Sherwan Haji, left, and Sakari Kuosmanen appear in “The Other Side of Hope.” (Courtesy Janus Films)

Sherwan Haji, left, and Sakari Kuosmanen appear in “The Other Side of Hope.” (Courtesy Janus Films)

Offbeat ‘Hope’ describes immigrant experience in Finland

Kindness flows beneath pokerfaced demeanors in the fable-like films of Finland’s Aki Kaurismaki.

The writer-director’s “The Other Side of Hope” is both a relevant dramedy about Europe’s refugee crisis and an eccentric charmer embracing decency in mean times. You’ll need to shift your sensibilities into droll mode to appreciate the movie, but, in its own idiosyncratic, deadpan way, it’s a holiday-season heart-warmer.

Like Kaurismaki’s previous works, which include “La Vie de Boheme” and “The Man Without a Past,” the film features sad-eyed and saggy-faced characters shortchanged by circumstance. The setting is Helsinki, land of run-down bars, salted herring and aging hipsters playing electric guitars.

Its primary protagonists, two men from highly different backgrounds, are starting new lives.

Khaled (Sherwan Haji), a Syrian refugee, has arrived in Finland after a harrowing journey.

He requests asylum and, at the holding facility, becomes friends with Mazdak (Simon Al-Bazoon), an Iraqi refugee. During his asylum interview, Khaled tells his story of war, death and displacement. He notes that he is looking for his sister, the only other surviving member of his family.

Wikstrom (played by Kaurismaki regular Sakari Kuosmanen), a shirt salesman, packs a suitcase and leaves his wife (Kaija Pakarinen) as she sits silently at a table. On the Kaurismakian tabletop are an empty liquor bottle and a potted cactus.

Wikstrom abandons his career, too, and, with some poker winnings, buys a shabby restaurant, which comes with three unmotivated employees (Ilkka Koivula, Janne Hyytiainen, Taneli Makela) and an extremely limited menu.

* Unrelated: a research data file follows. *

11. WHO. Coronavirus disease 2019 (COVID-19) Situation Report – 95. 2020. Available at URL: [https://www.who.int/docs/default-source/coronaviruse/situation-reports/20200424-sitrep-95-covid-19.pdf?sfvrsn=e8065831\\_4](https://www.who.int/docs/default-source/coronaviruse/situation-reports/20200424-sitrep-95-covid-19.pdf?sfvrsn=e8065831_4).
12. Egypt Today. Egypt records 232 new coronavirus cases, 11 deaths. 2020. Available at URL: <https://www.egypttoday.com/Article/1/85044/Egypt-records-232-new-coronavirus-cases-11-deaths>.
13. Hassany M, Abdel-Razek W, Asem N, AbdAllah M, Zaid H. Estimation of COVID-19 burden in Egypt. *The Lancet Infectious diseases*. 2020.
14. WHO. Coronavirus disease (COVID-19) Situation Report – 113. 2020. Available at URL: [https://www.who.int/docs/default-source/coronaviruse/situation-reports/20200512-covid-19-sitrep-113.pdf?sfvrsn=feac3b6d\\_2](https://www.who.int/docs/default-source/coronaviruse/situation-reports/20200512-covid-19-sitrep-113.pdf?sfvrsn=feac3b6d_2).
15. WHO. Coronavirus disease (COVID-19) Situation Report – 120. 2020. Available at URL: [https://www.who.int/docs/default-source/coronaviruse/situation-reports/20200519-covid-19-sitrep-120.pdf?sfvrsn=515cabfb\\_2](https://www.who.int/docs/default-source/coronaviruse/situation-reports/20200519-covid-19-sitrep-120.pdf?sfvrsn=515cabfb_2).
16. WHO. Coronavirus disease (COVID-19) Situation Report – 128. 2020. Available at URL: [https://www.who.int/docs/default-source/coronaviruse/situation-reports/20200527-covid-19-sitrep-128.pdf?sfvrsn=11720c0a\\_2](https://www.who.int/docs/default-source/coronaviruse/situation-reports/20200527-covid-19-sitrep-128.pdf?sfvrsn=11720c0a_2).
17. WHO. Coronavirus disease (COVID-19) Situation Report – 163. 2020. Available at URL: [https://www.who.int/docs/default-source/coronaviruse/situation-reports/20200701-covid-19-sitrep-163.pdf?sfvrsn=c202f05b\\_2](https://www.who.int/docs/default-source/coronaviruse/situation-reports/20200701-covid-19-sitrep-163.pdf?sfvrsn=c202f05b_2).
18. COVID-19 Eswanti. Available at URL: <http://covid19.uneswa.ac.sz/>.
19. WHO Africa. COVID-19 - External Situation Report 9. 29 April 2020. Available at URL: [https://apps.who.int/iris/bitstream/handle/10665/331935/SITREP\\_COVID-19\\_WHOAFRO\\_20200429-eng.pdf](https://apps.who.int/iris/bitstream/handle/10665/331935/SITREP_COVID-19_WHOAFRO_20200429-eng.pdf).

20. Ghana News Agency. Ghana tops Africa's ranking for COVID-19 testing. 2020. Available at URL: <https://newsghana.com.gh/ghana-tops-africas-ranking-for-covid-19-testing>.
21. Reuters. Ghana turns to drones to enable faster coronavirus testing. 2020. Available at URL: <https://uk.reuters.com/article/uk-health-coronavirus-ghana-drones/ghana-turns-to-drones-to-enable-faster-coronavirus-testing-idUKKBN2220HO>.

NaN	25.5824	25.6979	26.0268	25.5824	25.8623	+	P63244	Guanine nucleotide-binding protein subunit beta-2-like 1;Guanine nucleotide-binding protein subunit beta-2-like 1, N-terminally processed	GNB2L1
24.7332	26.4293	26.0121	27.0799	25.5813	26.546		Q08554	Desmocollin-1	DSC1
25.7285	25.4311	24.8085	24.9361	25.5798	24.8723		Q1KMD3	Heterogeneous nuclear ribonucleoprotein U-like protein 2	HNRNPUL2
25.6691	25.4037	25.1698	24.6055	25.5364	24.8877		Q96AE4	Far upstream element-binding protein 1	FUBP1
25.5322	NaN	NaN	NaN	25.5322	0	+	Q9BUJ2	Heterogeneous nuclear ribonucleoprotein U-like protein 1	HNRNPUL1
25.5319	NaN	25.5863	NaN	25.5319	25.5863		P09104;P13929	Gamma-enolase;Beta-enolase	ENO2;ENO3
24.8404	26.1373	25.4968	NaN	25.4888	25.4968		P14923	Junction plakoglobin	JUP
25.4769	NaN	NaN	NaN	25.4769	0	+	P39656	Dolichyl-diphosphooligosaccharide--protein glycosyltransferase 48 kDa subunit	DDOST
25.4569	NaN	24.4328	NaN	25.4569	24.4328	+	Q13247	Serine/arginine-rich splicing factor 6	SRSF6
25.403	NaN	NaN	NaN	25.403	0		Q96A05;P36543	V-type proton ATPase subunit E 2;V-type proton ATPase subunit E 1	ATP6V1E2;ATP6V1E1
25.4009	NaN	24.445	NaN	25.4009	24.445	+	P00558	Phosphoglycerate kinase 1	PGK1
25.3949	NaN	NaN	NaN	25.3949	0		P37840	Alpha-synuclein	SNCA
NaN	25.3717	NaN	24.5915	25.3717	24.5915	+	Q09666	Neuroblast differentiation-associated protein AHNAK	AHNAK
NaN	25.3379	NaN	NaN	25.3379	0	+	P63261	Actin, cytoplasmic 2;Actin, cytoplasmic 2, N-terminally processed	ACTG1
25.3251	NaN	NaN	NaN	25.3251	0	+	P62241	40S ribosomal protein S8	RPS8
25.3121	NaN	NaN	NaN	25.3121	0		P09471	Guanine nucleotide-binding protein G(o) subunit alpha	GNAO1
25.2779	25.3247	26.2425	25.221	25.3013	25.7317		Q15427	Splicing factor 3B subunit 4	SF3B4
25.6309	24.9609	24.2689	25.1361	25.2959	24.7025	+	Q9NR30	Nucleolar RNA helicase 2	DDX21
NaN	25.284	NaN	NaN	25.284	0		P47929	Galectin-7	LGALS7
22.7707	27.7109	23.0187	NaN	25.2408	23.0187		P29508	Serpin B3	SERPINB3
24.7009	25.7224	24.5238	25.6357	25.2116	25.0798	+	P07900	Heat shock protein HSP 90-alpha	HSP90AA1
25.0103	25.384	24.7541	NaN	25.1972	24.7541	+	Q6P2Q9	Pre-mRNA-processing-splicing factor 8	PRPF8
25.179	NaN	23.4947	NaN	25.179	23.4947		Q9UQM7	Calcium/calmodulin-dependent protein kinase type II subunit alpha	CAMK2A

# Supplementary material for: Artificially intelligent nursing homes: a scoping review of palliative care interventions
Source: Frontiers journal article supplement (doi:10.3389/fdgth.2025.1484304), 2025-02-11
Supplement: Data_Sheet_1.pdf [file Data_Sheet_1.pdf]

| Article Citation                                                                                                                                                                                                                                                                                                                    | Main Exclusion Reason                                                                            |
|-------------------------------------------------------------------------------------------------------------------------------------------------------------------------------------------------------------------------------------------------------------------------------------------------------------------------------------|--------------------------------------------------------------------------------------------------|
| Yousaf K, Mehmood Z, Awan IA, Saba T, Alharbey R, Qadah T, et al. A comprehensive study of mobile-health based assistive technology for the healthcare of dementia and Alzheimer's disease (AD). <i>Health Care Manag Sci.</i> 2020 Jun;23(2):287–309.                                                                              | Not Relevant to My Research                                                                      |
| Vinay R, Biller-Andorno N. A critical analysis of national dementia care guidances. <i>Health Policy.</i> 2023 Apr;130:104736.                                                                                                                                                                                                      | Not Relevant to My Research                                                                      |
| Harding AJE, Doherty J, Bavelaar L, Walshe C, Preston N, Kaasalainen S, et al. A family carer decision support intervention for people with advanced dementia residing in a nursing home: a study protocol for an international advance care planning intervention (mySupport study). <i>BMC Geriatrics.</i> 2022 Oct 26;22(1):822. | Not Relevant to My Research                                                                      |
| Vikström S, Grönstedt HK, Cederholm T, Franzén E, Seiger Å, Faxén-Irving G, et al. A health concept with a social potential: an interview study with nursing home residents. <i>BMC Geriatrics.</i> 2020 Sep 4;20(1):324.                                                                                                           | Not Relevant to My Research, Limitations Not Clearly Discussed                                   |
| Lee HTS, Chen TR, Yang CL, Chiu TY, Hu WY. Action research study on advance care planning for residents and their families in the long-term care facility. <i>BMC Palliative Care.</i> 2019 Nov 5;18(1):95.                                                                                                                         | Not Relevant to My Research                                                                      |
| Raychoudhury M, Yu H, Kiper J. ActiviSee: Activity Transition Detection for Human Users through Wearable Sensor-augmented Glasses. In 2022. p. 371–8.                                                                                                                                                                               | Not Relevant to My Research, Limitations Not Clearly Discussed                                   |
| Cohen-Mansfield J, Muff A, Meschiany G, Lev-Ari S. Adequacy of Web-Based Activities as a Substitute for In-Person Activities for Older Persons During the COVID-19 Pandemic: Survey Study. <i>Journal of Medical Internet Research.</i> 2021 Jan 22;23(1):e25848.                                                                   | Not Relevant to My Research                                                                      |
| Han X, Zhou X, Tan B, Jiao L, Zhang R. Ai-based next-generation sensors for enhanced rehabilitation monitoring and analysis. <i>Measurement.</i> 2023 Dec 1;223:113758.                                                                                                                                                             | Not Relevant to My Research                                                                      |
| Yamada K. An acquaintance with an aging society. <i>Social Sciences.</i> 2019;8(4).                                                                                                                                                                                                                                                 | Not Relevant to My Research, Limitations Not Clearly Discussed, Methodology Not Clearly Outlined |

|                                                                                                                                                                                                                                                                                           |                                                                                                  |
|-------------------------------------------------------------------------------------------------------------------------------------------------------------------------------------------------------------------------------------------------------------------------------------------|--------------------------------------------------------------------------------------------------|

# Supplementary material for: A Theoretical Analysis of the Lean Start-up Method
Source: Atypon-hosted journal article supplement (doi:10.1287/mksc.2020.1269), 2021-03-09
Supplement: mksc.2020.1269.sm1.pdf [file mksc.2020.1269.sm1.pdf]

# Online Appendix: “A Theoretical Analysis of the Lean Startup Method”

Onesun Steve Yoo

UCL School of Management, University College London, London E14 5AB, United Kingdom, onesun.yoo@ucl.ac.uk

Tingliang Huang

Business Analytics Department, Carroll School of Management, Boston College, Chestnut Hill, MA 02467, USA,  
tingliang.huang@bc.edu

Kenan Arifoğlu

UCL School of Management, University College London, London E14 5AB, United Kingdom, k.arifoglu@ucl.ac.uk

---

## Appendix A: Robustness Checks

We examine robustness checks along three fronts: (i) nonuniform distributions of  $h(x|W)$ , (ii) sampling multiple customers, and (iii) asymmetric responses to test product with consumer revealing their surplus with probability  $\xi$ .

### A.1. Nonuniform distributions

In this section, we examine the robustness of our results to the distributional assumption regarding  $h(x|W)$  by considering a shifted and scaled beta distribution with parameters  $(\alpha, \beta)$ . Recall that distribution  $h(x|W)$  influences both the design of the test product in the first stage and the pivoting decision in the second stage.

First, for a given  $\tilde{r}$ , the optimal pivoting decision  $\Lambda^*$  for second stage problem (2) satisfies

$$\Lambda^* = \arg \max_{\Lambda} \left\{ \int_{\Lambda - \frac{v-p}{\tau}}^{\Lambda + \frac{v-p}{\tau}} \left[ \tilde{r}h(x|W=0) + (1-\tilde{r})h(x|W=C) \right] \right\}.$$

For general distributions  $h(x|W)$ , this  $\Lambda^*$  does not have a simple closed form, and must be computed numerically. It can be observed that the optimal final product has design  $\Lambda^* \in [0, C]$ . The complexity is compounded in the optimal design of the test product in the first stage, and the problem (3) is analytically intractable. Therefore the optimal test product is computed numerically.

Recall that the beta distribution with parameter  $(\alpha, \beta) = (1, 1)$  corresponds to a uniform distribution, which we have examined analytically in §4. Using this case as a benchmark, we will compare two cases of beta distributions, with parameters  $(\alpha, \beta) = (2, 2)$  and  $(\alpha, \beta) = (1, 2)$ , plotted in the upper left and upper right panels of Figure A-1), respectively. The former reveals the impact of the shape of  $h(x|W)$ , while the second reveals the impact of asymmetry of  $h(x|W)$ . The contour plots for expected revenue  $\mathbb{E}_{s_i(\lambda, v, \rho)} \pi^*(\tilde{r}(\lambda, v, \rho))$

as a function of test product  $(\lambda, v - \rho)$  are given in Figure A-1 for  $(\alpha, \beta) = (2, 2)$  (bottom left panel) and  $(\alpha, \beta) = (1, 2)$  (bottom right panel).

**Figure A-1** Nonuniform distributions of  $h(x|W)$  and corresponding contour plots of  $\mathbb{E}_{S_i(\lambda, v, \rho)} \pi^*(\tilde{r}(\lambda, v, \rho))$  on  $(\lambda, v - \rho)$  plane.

As Khaled is pursued by anti-immigrant brutes and struggles to avoid deportation, Wikstrom, albeit after the two men punch each other in the nose, gives Khaled some soup, a job, and a hiding place. A supportive family of sorts, complete with a straight-faced dog, forms.

The narrative is less gripping than that of Kaurismaki’s “Le Havre,” which also addressed immigration and contained a character facing deportation who is helped by unexpectedly kind people.

In particular, a risky mission to reunite Khaled with his sister could be more compelling.

But the movie succeeds as a non-preachy comment on how governments fail to provide refugees with needed assistance and it embraces human goodness and common humanity in a world where anybody could become a refugee.

It’s also a loopily unsentimental valentine to Finland and its denizens.

Entertaining material abounds, from the restaurant’s attempt to pass a health inspection to a disastrous decision to make the place hipper by serving sushi. (You’ll never regard wasabi the same way again.)

Kaurismaki also supplies Finnish rock and roll, provided by veteran singer-songwriter Tuomari Nurmio.

REVIEW
The Other Side of Hope
Three stars
Starring Sherwan Haji, Sakari Kuosmanen, Ilkka Koivula, Nuppu Koivu
Written and directed by Aki Kaurismaki
Not rated
Running time 1 hour, 38 minutes

Aki KaurismakiIlkka KoivulaMovies and TVNuppu KoivuOther Side of HopeSakari KuosmanenSherwan Haji

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